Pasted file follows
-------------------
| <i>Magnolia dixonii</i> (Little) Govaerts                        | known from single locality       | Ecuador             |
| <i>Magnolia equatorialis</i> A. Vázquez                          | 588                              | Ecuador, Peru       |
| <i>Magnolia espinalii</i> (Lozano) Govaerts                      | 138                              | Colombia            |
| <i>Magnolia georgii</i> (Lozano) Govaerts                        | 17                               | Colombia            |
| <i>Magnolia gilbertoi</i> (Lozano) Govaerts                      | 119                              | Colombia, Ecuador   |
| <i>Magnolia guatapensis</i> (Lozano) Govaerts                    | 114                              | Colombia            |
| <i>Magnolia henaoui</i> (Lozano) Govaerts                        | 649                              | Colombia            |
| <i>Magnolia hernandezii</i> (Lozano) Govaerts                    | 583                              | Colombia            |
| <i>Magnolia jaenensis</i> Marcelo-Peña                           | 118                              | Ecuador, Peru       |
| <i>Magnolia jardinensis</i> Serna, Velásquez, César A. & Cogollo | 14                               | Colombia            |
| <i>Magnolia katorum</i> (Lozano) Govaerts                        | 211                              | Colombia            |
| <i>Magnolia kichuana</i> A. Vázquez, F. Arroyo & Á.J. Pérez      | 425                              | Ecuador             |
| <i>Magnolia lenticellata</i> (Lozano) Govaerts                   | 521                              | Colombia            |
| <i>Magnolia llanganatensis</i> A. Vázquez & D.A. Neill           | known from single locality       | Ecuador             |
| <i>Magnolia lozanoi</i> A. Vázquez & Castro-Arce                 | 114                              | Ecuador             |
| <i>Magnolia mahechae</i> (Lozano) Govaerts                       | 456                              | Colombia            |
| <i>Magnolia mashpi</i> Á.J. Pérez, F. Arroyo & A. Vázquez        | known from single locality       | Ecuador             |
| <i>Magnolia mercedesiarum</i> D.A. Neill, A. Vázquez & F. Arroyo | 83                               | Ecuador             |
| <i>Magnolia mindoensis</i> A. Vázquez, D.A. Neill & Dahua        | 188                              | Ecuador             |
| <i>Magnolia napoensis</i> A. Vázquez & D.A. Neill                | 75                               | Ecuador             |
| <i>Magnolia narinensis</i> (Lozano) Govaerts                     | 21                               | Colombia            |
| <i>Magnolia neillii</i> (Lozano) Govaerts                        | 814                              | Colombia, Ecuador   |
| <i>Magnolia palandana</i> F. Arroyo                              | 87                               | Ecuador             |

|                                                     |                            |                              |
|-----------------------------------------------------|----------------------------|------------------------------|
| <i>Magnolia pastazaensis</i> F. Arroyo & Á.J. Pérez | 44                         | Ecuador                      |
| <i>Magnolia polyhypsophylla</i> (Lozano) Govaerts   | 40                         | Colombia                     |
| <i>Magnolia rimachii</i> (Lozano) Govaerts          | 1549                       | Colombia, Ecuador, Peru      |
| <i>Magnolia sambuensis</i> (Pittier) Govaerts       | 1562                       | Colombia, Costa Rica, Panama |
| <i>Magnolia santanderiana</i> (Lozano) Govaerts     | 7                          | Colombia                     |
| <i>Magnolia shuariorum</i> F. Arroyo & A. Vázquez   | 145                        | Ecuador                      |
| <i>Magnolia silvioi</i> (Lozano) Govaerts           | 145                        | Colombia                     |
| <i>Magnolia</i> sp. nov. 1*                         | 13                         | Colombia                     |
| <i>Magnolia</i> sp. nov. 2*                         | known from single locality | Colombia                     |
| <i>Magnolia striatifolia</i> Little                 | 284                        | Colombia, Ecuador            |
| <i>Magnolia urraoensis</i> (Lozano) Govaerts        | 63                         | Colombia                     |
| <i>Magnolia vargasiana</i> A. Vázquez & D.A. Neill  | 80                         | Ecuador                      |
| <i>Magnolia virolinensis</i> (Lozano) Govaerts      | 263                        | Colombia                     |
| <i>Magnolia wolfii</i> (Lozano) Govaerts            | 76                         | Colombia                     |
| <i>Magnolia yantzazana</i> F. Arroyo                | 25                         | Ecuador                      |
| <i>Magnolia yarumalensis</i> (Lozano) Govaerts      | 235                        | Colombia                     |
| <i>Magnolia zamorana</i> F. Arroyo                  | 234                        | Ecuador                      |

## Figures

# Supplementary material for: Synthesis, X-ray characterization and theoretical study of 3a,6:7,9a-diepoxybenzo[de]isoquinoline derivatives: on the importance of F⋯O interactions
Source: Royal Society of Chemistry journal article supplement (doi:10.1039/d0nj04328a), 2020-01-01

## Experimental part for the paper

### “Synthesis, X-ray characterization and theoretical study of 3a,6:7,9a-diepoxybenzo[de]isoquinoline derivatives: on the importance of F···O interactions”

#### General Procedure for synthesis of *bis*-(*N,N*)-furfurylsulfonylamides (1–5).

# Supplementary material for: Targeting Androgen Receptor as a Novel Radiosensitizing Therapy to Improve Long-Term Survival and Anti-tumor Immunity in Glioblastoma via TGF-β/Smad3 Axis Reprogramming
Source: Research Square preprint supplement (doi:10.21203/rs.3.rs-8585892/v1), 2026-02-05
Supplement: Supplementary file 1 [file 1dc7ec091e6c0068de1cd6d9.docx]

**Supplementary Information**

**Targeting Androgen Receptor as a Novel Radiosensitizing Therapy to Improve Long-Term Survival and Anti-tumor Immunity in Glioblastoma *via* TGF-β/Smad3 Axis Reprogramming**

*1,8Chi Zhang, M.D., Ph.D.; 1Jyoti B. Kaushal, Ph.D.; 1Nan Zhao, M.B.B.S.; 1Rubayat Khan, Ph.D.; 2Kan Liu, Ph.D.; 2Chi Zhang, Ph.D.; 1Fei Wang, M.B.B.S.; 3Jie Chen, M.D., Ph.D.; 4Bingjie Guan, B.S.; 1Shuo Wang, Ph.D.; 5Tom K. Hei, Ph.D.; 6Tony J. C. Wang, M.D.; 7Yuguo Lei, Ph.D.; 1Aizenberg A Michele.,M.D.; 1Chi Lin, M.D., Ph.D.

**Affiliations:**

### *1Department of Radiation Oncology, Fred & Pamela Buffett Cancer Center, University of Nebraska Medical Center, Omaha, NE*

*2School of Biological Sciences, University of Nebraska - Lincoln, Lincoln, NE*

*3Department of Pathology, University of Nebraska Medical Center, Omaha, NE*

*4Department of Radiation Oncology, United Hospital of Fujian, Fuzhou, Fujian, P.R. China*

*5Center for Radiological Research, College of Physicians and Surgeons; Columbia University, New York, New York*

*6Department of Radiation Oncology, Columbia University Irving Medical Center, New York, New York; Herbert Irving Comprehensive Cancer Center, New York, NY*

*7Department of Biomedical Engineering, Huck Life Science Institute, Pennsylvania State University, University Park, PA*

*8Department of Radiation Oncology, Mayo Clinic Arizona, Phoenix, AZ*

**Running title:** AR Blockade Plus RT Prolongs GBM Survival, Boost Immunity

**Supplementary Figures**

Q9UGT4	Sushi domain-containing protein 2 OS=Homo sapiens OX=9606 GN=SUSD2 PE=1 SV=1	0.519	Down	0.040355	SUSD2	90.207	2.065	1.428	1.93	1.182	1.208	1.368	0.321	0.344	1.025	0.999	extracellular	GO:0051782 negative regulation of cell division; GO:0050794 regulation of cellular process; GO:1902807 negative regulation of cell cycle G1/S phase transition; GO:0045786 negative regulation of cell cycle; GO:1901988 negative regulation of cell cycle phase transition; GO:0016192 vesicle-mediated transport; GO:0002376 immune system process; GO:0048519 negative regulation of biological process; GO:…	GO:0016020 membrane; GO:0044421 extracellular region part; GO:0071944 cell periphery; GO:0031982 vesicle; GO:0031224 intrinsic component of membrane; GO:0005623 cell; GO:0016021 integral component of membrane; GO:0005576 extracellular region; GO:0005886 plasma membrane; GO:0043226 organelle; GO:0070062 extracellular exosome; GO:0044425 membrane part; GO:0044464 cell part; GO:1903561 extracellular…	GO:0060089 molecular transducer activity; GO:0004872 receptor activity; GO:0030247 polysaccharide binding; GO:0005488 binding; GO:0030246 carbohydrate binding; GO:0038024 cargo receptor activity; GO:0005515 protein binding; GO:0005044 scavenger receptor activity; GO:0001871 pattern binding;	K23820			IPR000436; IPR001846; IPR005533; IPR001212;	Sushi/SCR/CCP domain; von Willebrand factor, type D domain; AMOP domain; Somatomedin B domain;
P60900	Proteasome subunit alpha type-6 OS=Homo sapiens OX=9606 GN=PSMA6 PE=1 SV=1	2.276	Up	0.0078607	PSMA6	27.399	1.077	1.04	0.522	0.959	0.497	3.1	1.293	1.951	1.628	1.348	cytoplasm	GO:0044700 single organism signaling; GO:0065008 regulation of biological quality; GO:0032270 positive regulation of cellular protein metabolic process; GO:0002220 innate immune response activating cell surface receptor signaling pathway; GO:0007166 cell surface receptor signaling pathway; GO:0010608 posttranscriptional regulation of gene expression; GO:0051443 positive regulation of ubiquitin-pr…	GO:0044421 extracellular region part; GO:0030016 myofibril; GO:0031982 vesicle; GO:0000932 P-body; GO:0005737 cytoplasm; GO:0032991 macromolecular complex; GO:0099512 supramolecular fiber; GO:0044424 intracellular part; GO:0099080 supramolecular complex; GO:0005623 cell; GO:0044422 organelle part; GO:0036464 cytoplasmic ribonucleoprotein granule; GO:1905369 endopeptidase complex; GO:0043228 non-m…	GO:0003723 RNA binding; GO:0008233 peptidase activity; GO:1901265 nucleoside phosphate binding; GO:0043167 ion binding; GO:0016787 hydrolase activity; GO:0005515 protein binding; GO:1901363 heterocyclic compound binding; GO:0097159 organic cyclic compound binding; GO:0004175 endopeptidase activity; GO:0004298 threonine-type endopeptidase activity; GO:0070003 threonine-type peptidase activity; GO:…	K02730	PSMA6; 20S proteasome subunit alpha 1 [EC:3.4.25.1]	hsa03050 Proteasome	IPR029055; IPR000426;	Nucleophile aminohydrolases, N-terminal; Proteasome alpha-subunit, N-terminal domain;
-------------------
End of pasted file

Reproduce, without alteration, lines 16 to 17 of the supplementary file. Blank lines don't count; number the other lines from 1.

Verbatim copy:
| <i>Magnolia mahechae</i> (Lozano) Govaerts                       | 456                              | Colombia            |
| <i>Magnolia mashpi</i> Á.J. Pérez, F. Arroyo & A. Vázquez        | known from single locality       | Ecuador             |